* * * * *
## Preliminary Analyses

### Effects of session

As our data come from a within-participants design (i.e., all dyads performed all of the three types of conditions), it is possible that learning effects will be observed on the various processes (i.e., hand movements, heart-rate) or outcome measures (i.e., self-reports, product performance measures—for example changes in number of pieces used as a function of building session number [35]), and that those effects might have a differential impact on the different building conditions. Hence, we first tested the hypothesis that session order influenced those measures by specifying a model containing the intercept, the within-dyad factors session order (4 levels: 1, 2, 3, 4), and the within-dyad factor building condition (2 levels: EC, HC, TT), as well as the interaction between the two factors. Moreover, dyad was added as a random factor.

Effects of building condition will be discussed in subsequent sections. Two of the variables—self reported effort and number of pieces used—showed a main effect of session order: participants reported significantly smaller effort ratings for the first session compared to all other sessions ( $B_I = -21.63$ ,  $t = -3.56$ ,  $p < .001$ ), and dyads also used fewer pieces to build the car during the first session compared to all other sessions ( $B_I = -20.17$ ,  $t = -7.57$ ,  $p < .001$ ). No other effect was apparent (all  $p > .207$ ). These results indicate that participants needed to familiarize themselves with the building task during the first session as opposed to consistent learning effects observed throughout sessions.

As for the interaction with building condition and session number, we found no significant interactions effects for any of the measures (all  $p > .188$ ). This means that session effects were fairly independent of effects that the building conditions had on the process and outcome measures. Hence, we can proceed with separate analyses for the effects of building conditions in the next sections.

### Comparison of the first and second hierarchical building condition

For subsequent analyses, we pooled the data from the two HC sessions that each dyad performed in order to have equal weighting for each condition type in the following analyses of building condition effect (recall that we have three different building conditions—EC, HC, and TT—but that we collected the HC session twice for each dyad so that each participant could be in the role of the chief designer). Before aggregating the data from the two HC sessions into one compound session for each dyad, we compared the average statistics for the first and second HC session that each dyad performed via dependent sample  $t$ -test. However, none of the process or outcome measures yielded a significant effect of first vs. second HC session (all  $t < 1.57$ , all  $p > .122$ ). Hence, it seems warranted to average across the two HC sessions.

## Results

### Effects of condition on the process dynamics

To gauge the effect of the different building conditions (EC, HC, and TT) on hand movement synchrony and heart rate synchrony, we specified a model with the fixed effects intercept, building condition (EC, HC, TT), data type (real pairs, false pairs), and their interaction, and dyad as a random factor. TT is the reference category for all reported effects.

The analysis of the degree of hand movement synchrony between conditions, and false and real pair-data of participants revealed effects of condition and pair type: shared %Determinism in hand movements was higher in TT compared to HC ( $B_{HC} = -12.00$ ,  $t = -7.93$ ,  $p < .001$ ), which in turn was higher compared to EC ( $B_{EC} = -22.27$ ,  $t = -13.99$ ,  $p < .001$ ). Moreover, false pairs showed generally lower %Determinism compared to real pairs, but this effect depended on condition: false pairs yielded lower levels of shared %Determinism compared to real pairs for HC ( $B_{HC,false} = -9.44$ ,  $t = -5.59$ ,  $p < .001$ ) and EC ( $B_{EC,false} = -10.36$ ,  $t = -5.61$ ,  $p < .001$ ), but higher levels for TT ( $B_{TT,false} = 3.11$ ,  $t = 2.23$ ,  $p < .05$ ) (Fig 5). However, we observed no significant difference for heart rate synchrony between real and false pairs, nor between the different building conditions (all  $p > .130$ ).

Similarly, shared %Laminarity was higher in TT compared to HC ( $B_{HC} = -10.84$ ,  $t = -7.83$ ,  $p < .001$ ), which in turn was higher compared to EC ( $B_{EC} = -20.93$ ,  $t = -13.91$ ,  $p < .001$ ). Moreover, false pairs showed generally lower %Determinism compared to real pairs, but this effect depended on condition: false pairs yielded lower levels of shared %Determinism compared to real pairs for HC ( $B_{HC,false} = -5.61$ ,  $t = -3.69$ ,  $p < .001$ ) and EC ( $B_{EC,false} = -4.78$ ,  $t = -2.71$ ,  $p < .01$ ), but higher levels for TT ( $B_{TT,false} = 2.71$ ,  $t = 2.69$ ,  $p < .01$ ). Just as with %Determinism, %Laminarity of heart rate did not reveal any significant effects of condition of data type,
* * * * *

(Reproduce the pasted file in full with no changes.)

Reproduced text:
## Preliminary Analyses

### Effects of session

As our data come from a within-participants design (i.e., all dyads performed all of the three types of conditions), it is possible that learning effects will be observed on the various processes (i.e., hand movements, heart-rate) or outcome measures (i.e., self-reports, product performance measures—for example changes in number of pieces used as a function of building session number [35]), and that those effects might have a differential impact on the different building conditions. Hence, we first tested the hypothesis that session order influenced those measures by specifying a model containing the intercept, the within-dyad factors session order (4 levels: 1, 2, 3, 4), and the within-dyad factor building condition (2 levels: EC, HC, TT), as well as the interaction between the two factors. Moreover, dyad was added as a random factor.

Effects of building condition will be discussed in subsequent sections. Two of the variables—self reported effort and number of pieces used—showed a main effect of session order: participants reported significantly smaller effort ratings for the first session compared to all other sessions ( $B_I = -21.63$ ,  $t = -3.56$ ,  $p < .001$ ), and dyads also used fewer pieces to build the car during the first session compared to all other sessions ( $B_I = -20.17$ ,  $t = -7.57$ ,  $p < .001$ ). No other effect was apparent (all  $p > .207$ ). These results indicate that participants needed to familiarize themselves with the building task during the first session as opposed to consistent learning effects observed throughout sessions.

As for the interaction with building condition and session number, we found no significant interactions effects for any of the measures (all  $p > .188$ ). This means that session effects were fairly independent of effects that the building conditions had on the process and outcome measures. Hence, we can proceed with separate analyses for the effects of building conditions in the next sections.

### Comparison of the first and second hierarchical building condition

For subsequent analyses, we pooled the data from the two HC sessions that each dyad performed in order to have equal weighting for each condition type in the following analyses of building condition effect (recall that we have three different building conditions—EC, HC, and TT—but that we collected the HC session twice for each dyad so that each participant could be in the role of the chief designer). Before aggregating the data from the two HC sessions into one compound session for each dyad, we compared the average statistics for the first and second HC session that each dyad performed via dependent sample  $t$ -test. However, none of the process or outcome measures yielded a significant effect of first vs. second HC session (all  $t < 1.57$ , all  $p > .122$ ). Hence, it seems warranted to average across the two HC sessions.

## Results

### Effects of condition on the process dynamics

To gauge the effect of the different building conditions (EC, HC, and TT) on hand movement synchrony and heart rate synchrony, we specified a model with the fixed effects intercept, building condition (EC, HC, TT), data type (real pairs, false pairs), and their interaction, and dyad as a random factor. TT is the reference category for all reported effects.

The analysis of the degree of hand movement synchrony between conditions, and false and real pair-data of participants revealed effects of condition and pair type: shared %Determinism in hand movements was higher in TT compared to HC ( $B_{HC} = -12.00$ ,  $t = -7.93$ ,  $p < .001$ ), which in turn was higher compared to EC ( $B_{EC} = -22.27$ ,  $t = -13.99$ ,  $p < .001$ ). Moreover, false pairs showed generally lower %Determinism compared to real pairs, but this effect depended on condition: false pairs yielded lower levels of shared %Determinism compared to real pairs for HC ( $B_{HC,false} = -9.44$ ,  $t = -5.59$ ,  $p < .001$ ) and EC ( $B_{EC,false} = -10.36$ ,  $t = -5.61$ ,  $p < .001$ ), but higher levels for TT ( $B_{TT,false} = 3.11$ ,  $t = 2.23$ ,  $p < .05$ ) (Fig 5). However, we observed no significant difference for heart rate synchrony between real and false pairs, nor between the different building conditions (all  $p > .130$ ).

Similarly, shared %Laminarity was higher in TT compared to HC ( $B_{HC} = -10.84$ ,  $t = -7.83$ ,  $p < .001$ ), which in turn was higher compared to EC ( $B_{EC} = -20.93$ ,  $t = -13.91$ ,  $p < .001$ ). Moreover, false pairs showed generally lower %Determinism compared to real pairs, but this effect depended on condition: false pairs yielded lower levels of shared %Determinism compared to real pairs for HC ( $B_{HC,false} = -5.61$ ,  $t = -3.69$ ,  $p < .001$ ) and EC ( $B_{EC,false} = -4.78$ ,  $t = -2.71$ ,  $p < .01$ ), but higher levels for TT ( $B_{TT,false} = 2.71$ ,  $t = 2.69$ ,  $p < .01$ ). Just as with %Determinism, %Laminarity of heart rate did not reveal any significant effects of condition of data type,